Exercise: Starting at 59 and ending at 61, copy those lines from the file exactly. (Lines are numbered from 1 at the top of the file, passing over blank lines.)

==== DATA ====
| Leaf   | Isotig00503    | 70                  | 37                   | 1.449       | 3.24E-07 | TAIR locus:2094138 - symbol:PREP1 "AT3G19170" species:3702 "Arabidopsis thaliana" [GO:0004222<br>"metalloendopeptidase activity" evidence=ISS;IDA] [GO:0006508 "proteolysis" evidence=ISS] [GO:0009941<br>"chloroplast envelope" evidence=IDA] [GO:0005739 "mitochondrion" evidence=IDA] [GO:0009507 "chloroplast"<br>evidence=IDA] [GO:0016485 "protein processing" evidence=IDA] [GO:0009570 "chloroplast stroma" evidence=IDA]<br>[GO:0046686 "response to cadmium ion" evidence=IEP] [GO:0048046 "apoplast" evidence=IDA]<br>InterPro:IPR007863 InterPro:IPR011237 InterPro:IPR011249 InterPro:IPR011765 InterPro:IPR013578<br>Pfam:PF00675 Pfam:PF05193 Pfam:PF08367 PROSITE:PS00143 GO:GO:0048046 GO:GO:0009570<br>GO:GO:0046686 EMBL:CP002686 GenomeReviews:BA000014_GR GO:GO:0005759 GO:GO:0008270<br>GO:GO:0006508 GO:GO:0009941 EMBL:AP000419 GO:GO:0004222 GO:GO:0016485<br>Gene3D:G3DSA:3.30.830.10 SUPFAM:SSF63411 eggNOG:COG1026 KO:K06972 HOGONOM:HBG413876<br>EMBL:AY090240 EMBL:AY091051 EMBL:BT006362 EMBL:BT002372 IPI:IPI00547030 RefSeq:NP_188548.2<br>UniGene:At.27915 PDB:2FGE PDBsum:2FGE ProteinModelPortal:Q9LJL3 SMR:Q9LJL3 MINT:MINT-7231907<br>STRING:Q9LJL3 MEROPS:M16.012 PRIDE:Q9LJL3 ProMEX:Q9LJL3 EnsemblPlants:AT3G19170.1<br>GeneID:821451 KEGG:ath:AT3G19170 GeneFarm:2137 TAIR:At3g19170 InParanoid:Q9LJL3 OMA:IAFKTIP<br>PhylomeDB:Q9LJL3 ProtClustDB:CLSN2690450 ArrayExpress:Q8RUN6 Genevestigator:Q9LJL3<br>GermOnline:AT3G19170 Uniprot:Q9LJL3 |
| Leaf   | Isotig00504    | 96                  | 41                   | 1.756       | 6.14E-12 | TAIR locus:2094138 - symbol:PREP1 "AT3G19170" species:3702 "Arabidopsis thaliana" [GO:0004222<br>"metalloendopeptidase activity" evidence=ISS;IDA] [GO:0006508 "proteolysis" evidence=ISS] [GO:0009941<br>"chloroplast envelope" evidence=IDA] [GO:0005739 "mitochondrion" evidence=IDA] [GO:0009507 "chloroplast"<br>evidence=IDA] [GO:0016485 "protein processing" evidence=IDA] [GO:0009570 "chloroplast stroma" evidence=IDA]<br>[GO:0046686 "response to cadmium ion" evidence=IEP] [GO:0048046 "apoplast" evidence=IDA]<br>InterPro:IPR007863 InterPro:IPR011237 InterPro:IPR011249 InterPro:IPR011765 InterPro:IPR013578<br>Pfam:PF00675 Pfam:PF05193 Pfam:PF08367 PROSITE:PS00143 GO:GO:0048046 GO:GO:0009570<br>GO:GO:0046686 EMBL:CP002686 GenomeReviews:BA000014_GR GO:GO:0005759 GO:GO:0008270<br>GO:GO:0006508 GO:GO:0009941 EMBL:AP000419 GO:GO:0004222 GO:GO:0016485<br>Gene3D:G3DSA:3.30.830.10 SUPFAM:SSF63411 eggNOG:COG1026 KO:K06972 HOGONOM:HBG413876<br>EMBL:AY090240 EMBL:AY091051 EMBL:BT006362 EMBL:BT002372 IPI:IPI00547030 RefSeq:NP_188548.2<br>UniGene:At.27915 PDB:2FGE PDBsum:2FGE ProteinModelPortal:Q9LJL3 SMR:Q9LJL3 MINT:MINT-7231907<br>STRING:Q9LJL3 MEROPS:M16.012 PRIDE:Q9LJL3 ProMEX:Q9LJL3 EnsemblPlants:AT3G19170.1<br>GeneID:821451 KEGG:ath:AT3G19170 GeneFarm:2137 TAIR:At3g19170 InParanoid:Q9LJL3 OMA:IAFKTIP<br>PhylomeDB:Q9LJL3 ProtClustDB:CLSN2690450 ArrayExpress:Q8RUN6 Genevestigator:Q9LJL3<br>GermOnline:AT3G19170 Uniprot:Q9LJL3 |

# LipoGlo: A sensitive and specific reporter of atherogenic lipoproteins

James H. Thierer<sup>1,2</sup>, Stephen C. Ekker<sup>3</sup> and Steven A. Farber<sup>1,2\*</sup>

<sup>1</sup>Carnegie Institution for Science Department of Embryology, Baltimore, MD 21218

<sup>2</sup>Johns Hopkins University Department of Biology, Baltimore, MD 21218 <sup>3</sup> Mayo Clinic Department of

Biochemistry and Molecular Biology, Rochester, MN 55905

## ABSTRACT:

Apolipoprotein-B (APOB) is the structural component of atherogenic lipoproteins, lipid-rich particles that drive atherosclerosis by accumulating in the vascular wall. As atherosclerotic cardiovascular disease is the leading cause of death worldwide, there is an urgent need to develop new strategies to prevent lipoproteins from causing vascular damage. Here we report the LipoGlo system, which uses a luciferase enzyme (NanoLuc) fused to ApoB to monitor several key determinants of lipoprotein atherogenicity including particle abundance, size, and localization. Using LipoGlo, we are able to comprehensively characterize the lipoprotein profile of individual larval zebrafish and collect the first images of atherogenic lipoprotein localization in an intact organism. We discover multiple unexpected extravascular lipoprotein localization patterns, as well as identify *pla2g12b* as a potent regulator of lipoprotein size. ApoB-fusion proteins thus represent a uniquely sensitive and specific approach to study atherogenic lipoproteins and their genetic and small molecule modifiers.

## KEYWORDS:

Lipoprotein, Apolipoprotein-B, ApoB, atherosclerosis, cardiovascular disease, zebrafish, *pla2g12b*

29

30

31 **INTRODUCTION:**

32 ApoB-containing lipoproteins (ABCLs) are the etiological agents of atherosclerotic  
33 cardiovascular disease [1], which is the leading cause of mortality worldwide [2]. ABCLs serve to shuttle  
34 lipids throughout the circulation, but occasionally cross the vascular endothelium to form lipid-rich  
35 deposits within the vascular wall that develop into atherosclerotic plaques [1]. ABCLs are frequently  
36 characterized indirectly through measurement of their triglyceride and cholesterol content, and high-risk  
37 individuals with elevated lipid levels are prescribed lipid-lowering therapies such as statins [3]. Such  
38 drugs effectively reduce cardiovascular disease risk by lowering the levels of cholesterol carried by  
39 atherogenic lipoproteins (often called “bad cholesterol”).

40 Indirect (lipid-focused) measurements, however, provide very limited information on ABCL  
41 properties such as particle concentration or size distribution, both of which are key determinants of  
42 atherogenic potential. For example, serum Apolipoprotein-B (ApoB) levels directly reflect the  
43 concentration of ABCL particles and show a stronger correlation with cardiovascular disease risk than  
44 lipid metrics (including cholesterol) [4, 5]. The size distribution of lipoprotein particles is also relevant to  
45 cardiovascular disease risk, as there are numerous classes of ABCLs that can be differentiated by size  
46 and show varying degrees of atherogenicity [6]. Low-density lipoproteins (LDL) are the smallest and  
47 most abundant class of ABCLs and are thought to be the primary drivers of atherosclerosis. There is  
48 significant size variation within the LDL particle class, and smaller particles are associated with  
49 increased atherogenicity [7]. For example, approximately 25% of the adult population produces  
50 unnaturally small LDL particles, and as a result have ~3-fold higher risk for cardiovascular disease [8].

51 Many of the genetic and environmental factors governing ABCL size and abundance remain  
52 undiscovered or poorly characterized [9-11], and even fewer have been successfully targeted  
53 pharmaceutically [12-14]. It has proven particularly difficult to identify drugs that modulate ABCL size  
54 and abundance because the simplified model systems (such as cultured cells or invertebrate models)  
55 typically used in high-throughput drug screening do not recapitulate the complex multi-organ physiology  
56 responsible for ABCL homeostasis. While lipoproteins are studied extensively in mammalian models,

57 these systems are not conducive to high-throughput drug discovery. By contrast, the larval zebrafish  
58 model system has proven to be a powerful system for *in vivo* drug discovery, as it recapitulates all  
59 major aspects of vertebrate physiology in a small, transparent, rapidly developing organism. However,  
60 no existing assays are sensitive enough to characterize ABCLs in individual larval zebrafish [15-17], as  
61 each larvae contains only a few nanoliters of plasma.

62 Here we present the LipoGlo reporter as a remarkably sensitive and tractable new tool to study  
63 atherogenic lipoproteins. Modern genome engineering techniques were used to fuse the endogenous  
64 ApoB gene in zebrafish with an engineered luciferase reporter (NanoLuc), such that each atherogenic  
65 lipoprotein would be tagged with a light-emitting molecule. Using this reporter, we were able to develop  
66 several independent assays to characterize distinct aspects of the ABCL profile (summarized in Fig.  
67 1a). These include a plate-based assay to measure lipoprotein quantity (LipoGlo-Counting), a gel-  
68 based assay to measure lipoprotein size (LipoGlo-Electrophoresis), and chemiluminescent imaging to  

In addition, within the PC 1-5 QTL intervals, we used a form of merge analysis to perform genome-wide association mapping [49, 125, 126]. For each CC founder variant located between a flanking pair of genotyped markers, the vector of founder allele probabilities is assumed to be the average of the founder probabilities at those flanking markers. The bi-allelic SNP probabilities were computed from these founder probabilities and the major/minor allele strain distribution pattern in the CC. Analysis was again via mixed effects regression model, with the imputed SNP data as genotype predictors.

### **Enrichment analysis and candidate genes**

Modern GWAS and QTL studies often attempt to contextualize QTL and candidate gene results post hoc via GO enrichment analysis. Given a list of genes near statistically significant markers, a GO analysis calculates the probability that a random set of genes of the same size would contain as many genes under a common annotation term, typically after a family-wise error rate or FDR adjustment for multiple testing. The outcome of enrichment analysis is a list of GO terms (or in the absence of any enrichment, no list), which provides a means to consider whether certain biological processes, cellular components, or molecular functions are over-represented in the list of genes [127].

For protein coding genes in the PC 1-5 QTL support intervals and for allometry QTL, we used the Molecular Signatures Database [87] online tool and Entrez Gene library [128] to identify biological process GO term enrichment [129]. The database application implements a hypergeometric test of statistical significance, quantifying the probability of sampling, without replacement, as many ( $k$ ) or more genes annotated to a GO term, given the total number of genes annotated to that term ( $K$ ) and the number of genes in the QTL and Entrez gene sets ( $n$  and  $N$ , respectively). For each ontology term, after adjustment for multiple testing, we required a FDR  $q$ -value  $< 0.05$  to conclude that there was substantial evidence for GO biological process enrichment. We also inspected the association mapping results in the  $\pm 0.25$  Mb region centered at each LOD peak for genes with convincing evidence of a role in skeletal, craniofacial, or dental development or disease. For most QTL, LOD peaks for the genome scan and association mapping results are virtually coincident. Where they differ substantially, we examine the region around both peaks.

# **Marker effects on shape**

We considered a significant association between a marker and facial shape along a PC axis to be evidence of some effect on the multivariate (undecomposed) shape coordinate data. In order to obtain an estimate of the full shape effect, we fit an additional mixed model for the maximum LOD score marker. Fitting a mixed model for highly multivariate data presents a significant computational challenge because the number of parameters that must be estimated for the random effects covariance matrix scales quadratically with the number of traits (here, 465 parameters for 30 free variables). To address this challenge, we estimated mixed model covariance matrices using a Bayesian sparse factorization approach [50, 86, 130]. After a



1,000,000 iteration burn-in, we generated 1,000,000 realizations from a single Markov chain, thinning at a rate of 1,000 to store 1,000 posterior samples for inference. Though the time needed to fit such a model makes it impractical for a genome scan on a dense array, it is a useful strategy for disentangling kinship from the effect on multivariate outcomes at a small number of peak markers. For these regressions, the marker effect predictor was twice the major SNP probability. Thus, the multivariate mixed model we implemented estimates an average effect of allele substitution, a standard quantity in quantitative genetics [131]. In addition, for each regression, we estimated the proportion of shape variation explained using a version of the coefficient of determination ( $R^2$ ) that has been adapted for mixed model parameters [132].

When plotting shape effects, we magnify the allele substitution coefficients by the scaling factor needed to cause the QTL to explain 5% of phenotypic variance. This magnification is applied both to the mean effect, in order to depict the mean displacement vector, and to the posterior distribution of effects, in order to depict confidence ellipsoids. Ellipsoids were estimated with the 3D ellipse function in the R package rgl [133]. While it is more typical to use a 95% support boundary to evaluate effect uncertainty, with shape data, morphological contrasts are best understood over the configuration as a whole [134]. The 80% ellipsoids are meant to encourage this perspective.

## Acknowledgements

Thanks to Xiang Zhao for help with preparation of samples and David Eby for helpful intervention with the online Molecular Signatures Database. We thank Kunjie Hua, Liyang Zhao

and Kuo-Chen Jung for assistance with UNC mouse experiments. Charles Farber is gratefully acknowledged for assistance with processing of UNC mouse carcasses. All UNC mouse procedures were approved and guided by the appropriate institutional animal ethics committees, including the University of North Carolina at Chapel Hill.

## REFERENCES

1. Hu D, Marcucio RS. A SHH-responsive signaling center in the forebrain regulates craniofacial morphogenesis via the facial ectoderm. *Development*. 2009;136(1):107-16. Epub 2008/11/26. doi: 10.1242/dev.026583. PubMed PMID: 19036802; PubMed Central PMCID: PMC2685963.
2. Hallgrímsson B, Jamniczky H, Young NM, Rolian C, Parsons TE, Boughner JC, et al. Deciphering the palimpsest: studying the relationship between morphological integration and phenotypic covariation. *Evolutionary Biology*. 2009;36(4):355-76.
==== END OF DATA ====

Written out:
When plotting shape effects, we magnify the allele substitution coefficients by the scaling factor needed to cause the QTL to explain 5% of phenotypic variance. This magnification is applied both to the mean effect, in order to depict the mean displacement vector, and to the posterior distribution of effects, in order to depict confidence ellipsoids. Ellipsoids were estimated with the 3D ellipse function in the R package rgl [133]. While it is more typical to use a 95% support boundary to evaluate effect uncertainty, with shape data, morphological contrasts are best understood over the configuration as a whole [134]. The 80% ellipsoids are meant to encourage this perspective.

## Acknowledgements

Thanks to Xiang Zhao for help with preparation of samples and David Eby for helpful intervention with the online Molecular Signatures Database. We thank Kunjie Hua, Liyang Zhao